With the spectre of 2pm looming, I whisk Thompson and Yordwai into Pa Wan for lunch. They pore over the menu, which offers arresting departures from the standard Australian neighbourhood Thai joint, and point out that many of the dishes are Cambodian or Laotian.

Thai restaurants in the West are commonly a mishmash, they tell me. Natives of neighbouring countries frequently man the stoves at your local takeaway.

It’s something of a modern miracle that Thailand remains almost singularly unconquered, its cuisine untempered by foreign influence and its citizens blase about defection to the West.

“There are no Thai refugees,” says Yordwai. Consequently, an undiluted version of Thai cuisine can be hard to find.

At Pa Wan, we select sai oung, a northern Thai pork sausage made with curry paste, coriander and lime leaves; nam kra khoa phod, pork ribs deep fried then cured in garlic and sticky rice; yum nhun plar grob, a crisp fish-skin salad; larb gai, the minced chicken salad popular on Australian Thai menus; and gang pa moo, a “jungle-style” curry of pork, baby eggplants, and bamboo.

Each dish inspired a lesson from the master of Thai cuisine. Each market stop was an education.

It was easy to lose my way in this afternoon of higher learning. I may have been a little lost in the extraordinary world of David Thompson but he didn’t go missing for a moment.

In fact, I had him back to Longrain and a grateful Martin Boetz by 10 minutes after two.

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Potatoes

Potato Stall, Union Square Market, New York

Potato Stall, Union Square Market, New York

Of the great passions to which I’ll publicly admit, two are gambling and food.  Every Monday night, I combine both.  At a shady poker league, I make the rules.  One of the unbreakable ones demands that last week’s pot winner provides next week’s snacks.

Usually, the blokes just lay down a lazy fifty for some average pizza.  One memorable night, however, a fella made baked potatoes. The pizzas arrived as usual, but the sizable Irish contingent in our league looked as though they’d just seen the Pope.  Through a misty vale of tears, six young men from County Wicklow landed on the spuds in preference to pizza with a passion.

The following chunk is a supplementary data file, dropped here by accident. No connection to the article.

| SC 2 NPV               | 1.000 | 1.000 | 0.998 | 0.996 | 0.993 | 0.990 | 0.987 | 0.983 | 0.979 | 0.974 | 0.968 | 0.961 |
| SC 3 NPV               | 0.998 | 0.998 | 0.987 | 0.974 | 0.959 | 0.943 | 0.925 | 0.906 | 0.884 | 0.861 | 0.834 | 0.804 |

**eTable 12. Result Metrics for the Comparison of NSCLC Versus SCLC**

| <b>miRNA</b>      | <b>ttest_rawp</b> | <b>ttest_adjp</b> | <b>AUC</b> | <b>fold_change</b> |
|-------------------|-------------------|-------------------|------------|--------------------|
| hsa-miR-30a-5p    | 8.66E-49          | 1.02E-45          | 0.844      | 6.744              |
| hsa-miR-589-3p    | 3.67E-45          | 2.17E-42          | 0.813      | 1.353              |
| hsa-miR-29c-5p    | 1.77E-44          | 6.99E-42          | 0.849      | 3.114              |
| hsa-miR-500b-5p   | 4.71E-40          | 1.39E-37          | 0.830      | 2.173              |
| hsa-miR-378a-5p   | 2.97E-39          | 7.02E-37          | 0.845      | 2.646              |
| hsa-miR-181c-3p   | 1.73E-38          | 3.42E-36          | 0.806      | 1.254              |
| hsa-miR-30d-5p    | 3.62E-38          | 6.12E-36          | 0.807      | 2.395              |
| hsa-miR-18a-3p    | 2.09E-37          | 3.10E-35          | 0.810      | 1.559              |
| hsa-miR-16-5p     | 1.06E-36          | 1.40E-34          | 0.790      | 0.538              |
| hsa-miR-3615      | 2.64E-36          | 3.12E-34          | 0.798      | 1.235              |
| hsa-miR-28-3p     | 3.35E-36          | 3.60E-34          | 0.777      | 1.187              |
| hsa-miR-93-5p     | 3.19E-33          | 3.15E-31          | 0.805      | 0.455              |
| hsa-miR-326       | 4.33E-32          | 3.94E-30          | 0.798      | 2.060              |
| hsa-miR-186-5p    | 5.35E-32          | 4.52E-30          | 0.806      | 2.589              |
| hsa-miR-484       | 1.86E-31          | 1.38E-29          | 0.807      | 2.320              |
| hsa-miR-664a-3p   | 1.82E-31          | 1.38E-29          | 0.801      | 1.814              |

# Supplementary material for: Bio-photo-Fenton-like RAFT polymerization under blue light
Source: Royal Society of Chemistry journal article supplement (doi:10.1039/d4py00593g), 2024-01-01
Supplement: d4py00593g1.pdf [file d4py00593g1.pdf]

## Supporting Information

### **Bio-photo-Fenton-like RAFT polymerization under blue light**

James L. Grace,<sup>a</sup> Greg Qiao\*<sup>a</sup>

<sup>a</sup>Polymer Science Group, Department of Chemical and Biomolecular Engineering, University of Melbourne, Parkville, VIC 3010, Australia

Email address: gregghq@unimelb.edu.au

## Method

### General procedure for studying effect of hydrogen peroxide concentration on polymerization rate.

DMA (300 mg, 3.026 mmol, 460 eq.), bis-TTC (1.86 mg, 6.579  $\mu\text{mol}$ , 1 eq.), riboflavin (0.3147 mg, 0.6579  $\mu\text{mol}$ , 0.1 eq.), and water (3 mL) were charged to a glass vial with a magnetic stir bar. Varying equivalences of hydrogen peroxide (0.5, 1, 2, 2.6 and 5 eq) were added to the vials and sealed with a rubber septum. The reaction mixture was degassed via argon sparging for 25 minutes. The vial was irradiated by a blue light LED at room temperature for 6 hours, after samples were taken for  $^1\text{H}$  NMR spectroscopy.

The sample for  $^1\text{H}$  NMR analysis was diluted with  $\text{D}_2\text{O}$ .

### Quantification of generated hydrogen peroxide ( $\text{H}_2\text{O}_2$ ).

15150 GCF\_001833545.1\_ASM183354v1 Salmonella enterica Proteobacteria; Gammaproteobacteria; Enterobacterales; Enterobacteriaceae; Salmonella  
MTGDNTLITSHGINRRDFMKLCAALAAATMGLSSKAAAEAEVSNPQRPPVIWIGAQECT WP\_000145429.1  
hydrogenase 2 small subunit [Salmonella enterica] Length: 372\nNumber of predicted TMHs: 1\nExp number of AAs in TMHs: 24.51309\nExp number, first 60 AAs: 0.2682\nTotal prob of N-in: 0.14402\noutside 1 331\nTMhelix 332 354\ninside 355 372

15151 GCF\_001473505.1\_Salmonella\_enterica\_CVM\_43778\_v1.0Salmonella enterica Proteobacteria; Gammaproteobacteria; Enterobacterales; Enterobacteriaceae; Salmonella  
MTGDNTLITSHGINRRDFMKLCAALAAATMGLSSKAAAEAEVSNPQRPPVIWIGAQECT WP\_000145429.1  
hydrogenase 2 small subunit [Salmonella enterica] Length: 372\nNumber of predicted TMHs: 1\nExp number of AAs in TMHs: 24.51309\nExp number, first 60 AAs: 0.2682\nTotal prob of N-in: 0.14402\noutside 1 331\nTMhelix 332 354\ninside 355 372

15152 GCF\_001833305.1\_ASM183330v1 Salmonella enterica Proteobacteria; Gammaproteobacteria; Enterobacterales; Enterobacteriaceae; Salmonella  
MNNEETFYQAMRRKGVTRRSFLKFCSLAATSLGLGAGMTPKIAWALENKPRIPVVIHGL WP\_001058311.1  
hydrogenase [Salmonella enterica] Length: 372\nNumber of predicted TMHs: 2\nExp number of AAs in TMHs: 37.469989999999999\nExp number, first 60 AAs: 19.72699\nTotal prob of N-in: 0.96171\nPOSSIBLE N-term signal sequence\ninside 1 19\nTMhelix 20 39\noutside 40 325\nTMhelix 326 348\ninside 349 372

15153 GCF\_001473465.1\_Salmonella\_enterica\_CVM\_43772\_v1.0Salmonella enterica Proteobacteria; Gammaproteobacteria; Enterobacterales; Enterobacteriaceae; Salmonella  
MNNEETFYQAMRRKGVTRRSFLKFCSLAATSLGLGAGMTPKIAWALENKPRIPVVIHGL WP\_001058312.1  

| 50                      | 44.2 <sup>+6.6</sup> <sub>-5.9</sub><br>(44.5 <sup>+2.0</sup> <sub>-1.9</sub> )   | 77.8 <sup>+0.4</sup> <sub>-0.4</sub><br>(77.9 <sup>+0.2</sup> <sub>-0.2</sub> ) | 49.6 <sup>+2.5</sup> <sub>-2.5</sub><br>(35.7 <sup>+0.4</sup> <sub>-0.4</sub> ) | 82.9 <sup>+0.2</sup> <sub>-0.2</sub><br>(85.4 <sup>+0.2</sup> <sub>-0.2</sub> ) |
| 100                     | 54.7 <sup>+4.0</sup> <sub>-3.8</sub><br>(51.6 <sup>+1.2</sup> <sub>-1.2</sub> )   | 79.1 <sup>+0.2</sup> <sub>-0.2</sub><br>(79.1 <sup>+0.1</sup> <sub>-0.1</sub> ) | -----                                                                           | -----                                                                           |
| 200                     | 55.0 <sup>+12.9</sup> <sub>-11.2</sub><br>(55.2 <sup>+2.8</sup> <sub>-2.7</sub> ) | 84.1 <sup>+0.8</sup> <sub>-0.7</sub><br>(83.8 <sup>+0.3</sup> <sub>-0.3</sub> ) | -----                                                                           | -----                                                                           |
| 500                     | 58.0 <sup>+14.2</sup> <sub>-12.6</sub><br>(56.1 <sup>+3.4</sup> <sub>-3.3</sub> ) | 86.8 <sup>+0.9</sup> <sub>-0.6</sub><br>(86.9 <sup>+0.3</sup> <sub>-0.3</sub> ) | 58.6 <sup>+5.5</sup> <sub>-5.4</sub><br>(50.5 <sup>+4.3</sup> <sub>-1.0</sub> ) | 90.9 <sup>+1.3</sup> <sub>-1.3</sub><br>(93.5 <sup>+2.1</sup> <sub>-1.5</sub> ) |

Carb count aside; if you’ve a little Irish in you, there’s no point in denying your love for this humble root vegetable.

Although, my mother did do her best to ruin the potato for all time.  Thanks to the foul alchemy of over-boiling, she turned them into grey, chalky flavourless little pellets.

It doesn’t have to be this way.

Now is a decent time to go on the hunt for out-of-the-ordinary potatoes. There’s an excellent spud seller at South Melbourne Markets and some upright purveyors at Prahran and Queen Vic. Here, you’ll almost certainly be able to find the new staple of posh kitchens, the Dutch cream.  This waxy, rich cream-coloured veg is a genuine indulgence au gratin. It’s of such sterling quality, though, that you can just enjoy it gently boiled in its skin with a little sea salt.

You’ll need your ready reference guide to match a tuber with its purpose.  If it’s mash you’re after, add butter, double cream and waist-band inches to Nicolas, Desirees, Bintjes, or King Edwards. For fries, select low sugar varieties such as Sebago, Russet Burbanks, and Bintje. For potato salads, favour waxy varieties like Pink Fir, Patrone or Pink Eyes. If you’re preparing the classic Nicoise or any of its wonderful springtime variations, you may not use anything but Kipfler. I also like to use chats in a salad. And Malaysian curry powder, crushed peanuts, coriander and good mayonnaise to the little boiled bullets.

My favourite way with potatoes, perhaps a Sebago, is to slice thinly and layer the discs in a baking pan with olive oil and a goodly amount of minced garlic between the spud sheets. The taters turn out equally soft and crispy in all the right places after about 40 minutes at 190°. As winter does not seem to be done with us, this could be served in the next few weeks with quality kransky or wurst and some sauerkraut.  What cold afternoon is not improved, after all, by a good continental sausage?

Potato in an even simpler form is the buzzing gastronomic dish right now in Melbourne.

Ripponlea’s Attica is serving “A simple dish of potato cooked in the earth it was grown” to scores of die-hard foodies. I adore all this swooning over Ben Shewry’s $20 spud. I haven’t tried it yet, but I’m on the root-vegetable waiting list.

You have to respect the sort of simplicity that requires eight hours to achieve.  Just as much as you have to respect carbed-up Irishmen at the poker table.